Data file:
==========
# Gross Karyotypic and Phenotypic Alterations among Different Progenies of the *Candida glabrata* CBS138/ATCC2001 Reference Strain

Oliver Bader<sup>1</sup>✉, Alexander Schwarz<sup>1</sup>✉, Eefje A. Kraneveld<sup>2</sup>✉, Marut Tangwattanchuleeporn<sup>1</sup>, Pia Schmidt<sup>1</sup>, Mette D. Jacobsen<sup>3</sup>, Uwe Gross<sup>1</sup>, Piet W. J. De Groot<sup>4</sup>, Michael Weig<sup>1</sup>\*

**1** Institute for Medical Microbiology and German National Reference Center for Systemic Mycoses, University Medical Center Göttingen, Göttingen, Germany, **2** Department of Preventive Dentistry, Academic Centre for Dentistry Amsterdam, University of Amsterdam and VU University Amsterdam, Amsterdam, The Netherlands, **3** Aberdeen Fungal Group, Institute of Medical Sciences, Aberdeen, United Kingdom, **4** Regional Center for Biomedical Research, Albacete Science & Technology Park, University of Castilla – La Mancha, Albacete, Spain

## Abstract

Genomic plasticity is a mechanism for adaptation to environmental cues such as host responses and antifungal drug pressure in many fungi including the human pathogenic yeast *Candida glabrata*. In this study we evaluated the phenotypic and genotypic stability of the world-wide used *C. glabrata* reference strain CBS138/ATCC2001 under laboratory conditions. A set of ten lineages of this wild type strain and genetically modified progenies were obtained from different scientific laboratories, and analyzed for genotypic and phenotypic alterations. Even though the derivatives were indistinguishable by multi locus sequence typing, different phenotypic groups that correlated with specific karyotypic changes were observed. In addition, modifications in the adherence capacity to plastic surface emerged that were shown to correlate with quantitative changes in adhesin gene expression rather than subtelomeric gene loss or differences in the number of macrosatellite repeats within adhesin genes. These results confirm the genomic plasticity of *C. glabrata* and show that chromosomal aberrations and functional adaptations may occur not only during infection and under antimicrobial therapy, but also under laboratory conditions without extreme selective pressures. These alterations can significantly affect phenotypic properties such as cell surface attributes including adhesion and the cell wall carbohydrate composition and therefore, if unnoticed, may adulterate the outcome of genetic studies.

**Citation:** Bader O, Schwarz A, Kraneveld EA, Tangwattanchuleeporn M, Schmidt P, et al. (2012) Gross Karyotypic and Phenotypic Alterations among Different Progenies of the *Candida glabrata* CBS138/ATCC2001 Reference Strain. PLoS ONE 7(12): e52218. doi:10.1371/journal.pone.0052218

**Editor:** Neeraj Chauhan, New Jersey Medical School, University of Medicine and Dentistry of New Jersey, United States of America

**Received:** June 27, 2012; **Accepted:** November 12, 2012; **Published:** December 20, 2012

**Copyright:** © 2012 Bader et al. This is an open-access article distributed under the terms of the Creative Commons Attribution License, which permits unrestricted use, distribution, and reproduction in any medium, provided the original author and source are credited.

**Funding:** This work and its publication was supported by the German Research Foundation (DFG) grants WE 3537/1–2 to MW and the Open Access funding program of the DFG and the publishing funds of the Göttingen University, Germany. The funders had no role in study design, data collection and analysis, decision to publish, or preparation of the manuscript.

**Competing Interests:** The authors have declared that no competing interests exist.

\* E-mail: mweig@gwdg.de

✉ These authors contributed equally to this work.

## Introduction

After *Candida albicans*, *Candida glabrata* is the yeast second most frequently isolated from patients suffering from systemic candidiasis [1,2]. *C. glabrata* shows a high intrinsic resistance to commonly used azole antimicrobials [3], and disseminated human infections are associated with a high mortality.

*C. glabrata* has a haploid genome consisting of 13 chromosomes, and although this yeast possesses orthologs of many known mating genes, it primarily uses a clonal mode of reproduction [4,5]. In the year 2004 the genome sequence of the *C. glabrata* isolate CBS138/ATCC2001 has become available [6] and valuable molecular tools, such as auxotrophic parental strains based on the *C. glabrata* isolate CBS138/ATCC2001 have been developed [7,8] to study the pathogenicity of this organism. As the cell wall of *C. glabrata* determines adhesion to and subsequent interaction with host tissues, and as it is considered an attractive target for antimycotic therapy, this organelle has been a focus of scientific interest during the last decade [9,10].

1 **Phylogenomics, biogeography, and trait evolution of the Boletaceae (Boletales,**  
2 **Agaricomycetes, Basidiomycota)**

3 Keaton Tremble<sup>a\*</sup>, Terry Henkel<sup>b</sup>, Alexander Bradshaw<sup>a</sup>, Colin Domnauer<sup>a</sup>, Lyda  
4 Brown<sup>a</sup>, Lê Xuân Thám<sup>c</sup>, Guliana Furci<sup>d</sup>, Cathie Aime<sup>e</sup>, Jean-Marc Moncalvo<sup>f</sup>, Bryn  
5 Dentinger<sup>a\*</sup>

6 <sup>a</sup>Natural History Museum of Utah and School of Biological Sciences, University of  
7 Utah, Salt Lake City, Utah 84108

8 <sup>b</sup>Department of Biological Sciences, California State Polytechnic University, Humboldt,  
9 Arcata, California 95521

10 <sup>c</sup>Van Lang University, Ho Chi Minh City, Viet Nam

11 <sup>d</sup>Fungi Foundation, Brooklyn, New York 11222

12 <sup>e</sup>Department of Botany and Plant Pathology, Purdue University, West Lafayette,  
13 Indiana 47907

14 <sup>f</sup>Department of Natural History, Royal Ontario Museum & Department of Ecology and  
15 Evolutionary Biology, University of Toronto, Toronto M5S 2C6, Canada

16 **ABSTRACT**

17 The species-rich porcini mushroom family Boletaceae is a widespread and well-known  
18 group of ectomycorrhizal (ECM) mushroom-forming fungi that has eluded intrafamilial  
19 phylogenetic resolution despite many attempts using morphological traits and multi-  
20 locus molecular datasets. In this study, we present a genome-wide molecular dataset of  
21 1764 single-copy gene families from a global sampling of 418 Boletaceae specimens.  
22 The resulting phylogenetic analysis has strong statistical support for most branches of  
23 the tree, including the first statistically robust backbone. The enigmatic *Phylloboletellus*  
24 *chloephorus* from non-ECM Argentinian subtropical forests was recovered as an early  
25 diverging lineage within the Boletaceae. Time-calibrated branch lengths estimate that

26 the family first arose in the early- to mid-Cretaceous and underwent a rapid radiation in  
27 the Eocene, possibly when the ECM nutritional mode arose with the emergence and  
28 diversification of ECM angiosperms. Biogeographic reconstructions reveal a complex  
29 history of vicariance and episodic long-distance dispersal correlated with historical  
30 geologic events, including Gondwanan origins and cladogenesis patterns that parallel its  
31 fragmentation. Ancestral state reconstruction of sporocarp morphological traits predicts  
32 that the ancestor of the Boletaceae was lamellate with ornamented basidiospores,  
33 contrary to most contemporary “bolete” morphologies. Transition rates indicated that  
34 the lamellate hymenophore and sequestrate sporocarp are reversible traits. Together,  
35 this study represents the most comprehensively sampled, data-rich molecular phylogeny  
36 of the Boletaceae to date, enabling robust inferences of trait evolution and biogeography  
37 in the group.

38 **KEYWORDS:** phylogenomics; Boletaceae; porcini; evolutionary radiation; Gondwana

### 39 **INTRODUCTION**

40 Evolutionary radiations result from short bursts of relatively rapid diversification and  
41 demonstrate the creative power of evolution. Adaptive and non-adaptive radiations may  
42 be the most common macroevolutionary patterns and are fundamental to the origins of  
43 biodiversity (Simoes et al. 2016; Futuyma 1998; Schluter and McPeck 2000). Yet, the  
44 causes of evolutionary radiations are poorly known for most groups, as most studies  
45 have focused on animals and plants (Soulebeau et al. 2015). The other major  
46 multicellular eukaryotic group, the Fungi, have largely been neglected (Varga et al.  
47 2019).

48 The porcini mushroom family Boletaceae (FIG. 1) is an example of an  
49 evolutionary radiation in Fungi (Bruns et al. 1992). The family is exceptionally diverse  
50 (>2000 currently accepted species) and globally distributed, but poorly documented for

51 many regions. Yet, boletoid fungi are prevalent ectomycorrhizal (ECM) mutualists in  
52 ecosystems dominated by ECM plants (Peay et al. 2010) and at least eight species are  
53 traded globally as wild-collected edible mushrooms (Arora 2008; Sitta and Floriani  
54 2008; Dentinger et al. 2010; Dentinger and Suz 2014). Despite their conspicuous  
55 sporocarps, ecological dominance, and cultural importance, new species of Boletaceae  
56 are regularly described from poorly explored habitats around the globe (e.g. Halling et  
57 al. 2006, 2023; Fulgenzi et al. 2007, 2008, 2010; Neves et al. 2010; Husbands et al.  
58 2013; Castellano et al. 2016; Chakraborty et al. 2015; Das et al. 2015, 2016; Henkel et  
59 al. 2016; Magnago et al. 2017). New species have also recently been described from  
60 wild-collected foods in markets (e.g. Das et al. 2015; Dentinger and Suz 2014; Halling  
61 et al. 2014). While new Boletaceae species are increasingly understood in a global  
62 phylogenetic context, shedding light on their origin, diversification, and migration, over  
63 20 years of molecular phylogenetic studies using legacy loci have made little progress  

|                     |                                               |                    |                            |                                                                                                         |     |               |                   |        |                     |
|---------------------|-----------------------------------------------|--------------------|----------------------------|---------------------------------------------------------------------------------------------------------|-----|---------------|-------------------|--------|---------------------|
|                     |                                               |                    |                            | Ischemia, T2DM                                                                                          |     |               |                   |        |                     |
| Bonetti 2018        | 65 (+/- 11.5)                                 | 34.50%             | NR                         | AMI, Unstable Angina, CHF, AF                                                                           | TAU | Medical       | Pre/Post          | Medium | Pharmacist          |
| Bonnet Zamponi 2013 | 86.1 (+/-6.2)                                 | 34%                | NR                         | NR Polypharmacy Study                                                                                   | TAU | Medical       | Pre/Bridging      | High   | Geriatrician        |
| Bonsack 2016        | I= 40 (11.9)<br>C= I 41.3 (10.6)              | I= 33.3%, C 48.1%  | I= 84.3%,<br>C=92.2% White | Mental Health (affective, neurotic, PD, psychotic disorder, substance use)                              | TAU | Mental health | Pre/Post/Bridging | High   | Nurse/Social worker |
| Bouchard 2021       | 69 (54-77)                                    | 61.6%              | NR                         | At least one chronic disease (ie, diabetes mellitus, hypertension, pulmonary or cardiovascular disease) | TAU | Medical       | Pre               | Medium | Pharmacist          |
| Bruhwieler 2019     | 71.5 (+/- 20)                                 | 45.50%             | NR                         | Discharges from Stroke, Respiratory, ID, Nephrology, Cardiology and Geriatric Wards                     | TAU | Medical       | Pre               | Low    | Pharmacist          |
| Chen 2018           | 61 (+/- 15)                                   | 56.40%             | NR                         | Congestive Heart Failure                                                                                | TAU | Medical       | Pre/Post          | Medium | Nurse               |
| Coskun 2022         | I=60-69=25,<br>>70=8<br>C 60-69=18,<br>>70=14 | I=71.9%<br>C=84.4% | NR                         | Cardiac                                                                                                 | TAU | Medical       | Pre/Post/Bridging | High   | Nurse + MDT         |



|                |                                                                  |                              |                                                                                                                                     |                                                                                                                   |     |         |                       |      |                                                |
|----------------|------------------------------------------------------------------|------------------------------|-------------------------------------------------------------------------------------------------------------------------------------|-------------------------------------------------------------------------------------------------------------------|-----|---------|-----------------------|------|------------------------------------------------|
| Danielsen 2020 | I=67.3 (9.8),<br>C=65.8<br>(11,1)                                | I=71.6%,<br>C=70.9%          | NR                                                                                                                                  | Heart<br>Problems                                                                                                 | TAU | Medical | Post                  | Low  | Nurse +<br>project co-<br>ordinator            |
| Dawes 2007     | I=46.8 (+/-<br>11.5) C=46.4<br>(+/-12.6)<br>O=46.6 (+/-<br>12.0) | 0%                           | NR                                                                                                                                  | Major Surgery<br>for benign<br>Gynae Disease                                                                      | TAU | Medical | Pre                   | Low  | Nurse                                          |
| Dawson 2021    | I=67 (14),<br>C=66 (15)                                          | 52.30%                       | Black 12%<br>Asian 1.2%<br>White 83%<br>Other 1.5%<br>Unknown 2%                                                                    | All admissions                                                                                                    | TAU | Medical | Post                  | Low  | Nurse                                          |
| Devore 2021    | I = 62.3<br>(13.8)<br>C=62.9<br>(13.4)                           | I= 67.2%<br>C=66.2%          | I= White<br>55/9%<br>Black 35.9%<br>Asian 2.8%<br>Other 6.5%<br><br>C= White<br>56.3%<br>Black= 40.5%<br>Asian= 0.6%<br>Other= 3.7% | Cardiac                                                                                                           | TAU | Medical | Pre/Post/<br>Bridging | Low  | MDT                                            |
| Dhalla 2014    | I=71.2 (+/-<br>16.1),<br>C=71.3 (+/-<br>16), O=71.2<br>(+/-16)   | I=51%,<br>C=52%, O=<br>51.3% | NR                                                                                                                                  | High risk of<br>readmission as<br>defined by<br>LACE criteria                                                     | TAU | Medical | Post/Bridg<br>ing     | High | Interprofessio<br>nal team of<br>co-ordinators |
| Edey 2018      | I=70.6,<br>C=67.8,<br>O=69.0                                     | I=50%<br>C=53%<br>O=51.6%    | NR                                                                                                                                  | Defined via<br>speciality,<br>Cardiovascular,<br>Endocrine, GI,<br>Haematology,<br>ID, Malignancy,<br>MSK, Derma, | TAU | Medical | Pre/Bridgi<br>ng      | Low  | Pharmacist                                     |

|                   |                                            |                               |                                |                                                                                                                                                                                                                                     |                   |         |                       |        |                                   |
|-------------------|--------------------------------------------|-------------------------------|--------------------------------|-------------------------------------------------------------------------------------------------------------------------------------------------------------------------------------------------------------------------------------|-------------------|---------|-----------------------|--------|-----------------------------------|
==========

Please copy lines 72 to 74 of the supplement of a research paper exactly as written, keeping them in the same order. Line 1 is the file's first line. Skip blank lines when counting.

56 are regularly described from poorly explored habitats around the globe (e.g. Halling et  
57 al. 2006, 2023; Fulgenzi et al. 2007, 2008, 2010; Neves et al. 2010; Husbands et al.  
58 2013; Castellano et al. 2016; Chakraborty et al. 2015; Das et al. 2015, 2016; Henkel et  